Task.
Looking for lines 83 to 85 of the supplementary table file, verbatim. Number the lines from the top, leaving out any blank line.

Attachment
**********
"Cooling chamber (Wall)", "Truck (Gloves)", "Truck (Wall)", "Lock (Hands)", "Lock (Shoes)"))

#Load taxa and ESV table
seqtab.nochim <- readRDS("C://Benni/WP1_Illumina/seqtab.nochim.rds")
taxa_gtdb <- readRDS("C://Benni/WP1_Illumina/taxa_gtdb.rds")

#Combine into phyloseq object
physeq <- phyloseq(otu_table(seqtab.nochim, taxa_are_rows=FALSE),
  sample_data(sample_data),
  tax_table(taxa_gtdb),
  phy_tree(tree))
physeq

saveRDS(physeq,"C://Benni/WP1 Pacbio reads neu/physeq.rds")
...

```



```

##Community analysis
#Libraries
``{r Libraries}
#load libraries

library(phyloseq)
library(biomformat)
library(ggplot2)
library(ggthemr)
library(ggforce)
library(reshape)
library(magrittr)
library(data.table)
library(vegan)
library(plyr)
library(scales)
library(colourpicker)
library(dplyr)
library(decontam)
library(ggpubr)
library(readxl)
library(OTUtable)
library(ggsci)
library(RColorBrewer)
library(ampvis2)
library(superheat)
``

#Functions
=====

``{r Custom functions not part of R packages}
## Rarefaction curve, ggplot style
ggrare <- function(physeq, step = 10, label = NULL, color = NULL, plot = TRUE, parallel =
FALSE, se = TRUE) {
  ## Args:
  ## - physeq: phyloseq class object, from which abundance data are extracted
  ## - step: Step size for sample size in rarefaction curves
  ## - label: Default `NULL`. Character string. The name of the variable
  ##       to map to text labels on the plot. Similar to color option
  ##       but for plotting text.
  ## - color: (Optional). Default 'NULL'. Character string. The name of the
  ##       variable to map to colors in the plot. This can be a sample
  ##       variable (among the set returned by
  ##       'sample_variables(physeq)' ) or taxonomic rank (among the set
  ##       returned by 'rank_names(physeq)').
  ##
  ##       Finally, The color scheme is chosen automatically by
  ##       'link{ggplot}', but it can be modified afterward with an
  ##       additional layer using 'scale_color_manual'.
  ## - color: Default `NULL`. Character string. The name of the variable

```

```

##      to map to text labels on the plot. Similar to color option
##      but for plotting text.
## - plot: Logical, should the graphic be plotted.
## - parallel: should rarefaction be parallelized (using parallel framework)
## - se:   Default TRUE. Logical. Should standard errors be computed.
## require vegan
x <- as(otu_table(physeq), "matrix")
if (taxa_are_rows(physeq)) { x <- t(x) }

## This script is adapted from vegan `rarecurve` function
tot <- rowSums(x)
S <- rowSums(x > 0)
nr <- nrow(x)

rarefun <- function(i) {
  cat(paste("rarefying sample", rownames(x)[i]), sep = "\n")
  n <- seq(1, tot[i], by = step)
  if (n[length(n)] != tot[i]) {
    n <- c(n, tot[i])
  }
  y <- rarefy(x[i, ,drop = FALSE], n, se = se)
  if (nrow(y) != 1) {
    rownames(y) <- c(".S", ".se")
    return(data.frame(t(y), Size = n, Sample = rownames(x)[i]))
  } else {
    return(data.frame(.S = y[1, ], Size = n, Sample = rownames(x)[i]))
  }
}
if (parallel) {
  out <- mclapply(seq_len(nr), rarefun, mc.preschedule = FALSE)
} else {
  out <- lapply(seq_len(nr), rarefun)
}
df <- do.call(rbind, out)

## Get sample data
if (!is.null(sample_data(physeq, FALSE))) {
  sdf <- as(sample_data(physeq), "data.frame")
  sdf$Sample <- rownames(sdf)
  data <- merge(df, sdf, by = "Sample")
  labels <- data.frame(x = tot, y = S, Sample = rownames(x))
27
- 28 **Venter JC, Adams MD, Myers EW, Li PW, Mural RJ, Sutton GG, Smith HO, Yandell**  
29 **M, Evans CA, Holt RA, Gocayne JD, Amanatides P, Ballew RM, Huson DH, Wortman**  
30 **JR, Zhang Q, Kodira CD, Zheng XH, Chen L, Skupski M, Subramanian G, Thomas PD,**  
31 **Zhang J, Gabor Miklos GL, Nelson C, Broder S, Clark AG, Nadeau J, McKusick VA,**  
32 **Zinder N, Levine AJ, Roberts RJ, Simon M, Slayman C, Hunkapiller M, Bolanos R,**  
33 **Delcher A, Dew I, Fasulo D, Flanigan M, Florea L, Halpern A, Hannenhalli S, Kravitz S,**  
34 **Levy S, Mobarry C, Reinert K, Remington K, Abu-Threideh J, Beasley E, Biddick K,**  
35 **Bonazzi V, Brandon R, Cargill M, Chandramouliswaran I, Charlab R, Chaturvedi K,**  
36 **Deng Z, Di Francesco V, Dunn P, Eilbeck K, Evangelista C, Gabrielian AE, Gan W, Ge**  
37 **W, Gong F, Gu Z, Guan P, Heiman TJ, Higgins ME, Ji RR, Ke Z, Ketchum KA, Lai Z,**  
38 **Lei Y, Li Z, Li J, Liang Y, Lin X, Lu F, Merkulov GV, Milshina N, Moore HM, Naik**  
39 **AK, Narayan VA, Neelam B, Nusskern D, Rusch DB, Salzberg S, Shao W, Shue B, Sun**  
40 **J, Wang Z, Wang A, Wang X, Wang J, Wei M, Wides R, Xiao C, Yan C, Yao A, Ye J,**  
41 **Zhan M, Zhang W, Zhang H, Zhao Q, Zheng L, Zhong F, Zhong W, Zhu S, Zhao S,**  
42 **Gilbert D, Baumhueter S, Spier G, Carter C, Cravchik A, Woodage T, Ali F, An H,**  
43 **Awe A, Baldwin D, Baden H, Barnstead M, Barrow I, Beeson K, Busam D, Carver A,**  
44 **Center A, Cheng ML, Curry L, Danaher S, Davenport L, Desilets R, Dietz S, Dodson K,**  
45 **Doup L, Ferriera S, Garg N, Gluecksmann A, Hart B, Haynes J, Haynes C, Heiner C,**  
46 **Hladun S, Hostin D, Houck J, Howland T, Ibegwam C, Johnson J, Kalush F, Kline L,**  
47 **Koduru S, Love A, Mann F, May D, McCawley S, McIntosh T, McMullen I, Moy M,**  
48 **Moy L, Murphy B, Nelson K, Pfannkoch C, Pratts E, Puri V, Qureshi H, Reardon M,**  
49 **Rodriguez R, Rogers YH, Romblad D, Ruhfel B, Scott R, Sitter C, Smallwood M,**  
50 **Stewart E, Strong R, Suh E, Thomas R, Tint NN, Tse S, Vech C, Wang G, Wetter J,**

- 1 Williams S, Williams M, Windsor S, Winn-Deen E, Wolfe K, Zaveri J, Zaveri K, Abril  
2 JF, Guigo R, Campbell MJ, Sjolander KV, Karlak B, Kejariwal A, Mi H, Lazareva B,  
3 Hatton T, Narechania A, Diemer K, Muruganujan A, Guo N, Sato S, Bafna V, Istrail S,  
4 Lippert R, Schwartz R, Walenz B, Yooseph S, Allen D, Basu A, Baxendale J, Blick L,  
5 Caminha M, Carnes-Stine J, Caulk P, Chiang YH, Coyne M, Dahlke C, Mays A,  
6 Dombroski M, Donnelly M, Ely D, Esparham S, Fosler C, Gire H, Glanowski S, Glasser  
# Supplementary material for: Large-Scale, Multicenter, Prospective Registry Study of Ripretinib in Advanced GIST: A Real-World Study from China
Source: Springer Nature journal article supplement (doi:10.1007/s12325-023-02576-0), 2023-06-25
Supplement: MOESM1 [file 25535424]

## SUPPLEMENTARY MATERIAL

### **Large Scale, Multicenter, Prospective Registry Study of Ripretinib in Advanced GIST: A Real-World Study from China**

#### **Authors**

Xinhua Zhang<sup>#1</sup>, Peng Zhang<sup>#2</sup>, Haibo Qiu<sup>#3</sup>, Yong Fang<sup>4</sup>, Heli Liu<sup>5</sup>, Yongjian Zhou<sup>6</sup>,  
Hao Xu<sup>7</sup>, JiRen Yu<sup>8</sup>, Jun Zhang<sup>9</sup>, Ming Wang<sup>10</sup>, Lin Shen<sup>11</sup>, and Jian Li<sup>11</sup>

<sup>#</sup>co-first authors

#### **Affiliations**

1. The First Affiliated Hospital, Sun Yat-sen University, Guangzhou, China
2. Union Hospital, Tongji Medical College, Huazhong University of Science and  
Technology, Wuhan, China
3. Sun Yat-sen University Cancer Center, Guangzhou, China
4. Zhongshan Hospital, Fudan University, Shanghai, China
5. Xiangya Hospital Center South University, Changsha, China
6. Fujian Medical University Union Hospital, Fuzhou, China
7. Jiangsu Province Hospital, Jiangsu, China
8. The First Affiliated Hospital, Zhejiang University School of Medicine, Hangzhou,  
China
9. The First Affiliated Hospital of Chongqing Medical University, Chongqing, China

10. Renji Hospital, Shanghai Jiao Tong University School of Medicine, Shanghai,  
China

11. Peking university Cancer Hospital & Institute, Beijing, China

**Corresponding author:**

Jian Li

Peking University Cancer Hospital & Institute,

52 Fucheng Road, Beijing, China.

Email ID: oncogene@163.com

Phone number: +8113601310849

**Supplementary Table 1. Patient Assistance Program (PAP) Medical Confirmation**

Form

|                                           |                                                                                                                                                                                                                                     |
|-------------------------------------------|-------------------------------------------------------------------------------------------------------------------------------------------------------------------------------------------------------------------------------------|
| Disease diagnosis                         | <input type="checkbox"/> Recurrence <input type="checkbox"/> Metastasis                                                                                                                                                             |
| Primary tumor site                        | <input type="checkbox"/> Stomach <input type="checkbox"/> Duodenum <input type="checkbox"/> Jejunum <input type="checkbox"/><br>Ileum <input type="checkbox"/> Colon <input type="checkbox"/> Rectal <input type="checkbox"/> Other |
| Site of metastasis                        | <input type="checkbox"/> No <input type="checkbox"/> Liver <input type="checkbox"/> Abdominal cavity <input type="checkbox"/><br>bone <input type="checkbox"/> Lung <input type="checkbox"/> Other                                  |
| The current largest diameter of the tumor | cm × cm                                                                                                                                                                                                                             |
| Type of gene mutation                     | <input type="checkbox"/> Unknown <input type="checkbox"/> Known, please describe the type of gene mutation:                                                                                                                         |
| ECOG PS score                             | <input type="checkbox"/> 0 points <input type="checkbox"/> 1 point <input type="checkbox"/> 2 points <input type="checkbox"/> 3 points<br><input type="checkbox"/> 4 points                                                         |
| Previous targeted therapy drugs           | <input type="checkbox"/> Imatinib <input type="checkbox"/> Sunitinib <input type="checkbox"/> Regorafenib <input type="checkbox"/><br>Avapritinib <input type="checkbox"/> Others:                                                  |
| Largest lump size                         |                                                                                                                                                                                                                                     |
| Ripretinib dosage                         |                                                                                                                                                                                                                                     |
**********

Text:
  y <- rarefy(x[i, ,drop = FALSE], n, se = se)
  if (nrow(y) != 1) {
    rownames(y) <- c(".S", ".se")